WordPress notified me that this was the most popular thing I wrote and published in 2011 on Muskblog. My cursory examinations of keyword referrals wouldn’t have led me to guess this, but maybe this post got a lot of hits around the time of the 2011 Vancouver riots. It didn’t generate as many comments as some other posts such as my wonderful experience upgrading to Mac OS X Lion.

I came across another cautionary tale of youth posting on the internet, in this case photos of themselves wearing skimpy outfits. The girl in question, Angie Varona, regrets her actions and claims it ruined her life.  She recently turned 18, apparently she posted the pictures when she was 14 to an image sharing site and claims her account was hacked.  Now the photos are all over the Internet.

Warning the link to the story is on ABC News and that website has to be the worst behaved major media website I’ve ever visited. It will start playing video, pop up adds for Microsoft, and generally load and render annoyingly on my computer and likely yours.

If I am part of Generation X and those that grew up with the Internet always available are Generation Y, then the next generation, Generation Z, well lets just say the Z will stand for “zero privacy”.


  • Muskie says:

    More Canadian teens involved in criminal activity are being outed by their friends and classmates online.  In this case it is an underage driver who went stopped by the police tried to escape, killing the officer in the process.  Drug use was supposedly involved but in Canada we don’t allow names or pictures of young offenders to be published, but I’m sure someone could Google it.  What strikes me is how none of the youths seems to have learned any lessons from the Riots of 2011 and the dangers of social media.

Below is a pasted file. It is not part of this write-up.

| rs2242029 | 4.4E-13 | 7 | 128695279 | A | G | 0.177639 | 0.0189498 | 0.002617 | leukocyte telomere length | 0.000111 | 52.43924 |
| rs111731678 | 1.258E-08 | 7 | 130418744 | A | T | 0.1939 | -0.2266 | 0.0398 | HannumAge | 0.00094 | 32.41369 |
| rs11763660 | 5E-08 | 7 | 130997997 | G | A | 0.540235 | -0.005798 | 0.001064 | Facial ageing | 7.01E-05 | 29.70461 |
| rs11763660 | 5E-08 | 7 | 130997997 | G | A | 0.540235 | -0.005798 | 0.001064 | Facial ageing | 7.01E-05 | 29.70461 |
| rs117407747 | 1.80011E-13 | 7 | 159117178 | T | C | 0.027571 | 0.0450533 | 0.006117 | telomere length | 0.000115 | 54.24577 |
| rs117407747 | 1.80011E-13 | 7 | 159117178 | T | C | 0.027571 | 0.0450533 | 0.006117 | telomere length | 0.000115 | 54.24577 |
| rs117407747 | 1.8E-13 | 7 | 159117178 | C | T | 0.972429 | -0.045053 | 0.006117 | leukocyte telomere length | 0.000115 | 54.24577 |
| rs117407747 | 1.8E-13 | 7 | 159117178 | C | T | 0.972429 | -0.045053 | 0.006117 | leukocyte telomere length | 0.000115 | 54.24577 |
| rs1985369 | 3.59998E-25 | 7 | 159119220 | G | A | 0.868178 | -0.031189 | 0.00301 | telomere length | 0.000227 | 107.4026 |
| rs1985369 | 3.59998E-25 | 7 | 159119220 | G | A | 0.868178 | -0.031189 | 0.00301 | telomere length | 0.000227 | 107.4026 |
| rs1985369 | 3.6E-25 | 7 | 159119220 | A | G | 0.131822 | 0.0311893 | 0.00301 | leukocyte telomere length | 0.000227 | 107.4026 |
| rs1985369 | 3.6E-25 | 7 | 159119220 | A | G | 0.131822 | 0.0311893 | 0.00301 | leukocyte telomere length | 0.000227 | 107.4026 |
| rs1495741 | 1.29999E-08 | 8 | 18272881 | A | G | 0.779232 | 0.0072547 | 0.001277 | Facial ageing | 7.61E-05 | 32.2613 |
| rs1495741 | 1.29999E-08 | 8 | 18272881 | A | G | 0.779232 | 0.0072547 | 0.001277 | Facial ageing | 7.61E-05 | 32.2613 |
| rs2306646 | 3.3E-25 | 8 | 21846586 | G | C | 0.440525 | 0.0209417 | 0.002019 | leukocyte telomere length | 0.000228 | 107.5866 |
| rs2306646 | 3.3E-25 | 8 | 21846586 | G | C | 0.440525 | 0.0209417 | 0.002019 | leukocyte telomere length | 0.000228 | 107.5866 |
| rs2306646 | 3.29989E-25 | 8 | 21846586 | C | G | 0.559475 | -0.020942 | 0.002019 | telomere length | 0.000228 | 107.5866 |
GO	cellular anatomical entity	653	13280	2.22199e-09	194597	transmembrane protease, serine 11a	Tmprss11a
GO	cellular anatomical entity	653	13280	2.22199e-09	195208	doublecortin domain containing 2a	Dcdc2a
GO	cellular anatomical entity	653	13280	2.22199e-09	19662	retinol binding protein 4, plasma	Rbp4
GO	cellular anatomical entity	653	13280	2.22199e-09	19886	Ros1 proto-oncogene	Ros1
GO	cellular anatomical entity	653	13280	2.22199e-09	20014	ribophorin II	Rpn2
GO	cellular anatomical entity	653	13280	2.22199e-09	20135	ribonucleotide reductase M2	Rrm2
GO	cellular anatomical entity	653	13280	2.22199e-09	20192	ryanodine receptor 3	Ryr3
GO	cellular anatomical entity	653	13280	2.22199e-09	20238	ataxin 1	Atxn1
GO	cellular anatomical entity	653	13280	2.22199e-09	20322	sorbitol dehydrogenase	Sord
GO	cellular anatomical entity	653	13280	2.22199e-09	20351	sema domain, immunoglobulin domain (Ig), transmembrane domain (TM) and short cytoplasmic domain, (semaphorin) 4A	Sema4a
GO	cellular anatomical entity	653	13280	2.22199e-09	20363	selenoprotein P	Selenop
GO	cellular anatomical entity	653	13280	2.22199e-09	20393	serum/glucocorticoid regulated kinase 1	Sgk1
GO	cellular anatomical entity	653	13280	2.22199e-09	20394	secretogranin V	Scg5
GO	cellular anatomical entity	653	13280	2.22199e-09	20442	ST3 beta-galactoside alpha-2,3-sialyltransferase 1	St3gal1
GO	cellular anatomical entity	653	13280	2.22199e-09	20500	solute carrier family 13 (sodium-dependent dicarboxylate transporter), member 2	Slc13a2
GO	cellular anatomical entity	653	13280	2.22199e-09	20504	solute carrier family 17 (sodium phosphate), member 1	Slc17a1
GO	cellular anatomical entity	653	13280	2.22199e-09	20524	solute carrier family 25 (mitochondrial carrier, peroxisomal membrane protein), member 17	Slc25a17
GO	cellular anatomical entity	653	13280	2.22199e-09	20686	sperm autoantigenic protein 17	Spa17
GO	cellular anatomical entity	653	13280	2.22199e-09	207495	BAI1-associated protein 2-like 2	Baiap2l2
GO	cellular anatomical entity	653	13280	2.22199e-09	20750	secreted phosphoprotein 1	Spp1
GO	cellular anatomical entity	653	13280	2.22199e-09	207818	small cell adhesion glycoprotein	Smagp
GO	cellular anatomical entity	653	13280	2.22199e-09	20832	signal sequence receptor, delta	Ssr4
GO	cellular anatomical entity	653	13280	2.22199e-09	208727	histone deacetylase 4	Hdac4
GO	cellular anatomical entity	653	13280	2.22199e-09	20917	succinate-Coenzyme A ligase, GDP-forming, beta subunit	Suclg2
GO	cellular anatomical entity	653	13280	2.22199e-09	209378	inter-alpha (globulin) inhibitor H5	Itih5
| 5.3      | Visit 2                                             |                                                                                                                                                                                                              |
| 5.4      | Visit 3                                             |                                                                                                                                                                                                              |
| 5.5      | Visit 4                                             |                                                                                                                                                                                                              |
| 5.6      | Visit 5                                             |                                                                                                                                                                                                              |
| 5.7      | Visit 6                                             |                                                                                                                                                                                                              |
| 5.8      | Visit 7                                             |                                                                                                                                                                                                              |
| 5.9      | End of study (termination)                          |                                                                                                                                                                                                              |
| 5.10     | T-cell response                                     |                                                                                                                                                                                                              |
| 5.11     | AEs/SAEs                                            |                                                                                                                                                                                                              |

Google has a new social network, where privacy is supposedly a bigger and more well thought out feature.  I don’t see all 750 million Facebook users switching at once, especially those that have posted many many pictures and such to Facebook.  I post my pictures here or to Flickr that I want to share.  I can then link to them easily in the case of Flickr, not at all in the case of this blog thanks to all the hotlinkers I was infested with a while back.  The point is, what you say and do matters.  You may think no one knows, or no one cares, and maybe they don’t right now.  But down the road, say you’re unemployed like me and badly in need of a job, your social media profiles and your electronic communication can come back and haunt you.  I’ve never done anything as stupid as steal a car, kill a cop, or riot on national TV.  I have been very upset at some people and I wasn’t affraid to let them know it.  I also made some things public as I was trying to clear my name, or make things better, or maybe I was just mad…  I don’t know.  I’ve put it behind me mostly.  But my MBA was more than marred by electronic communication and online gossip, it was completely ruined.  And five years later I’m still paying for it.  Some people still don’t believe me, but what people said and did, including myself, cost me more than I’ll ever hope to repay or gain from finishing my Sauder MBA.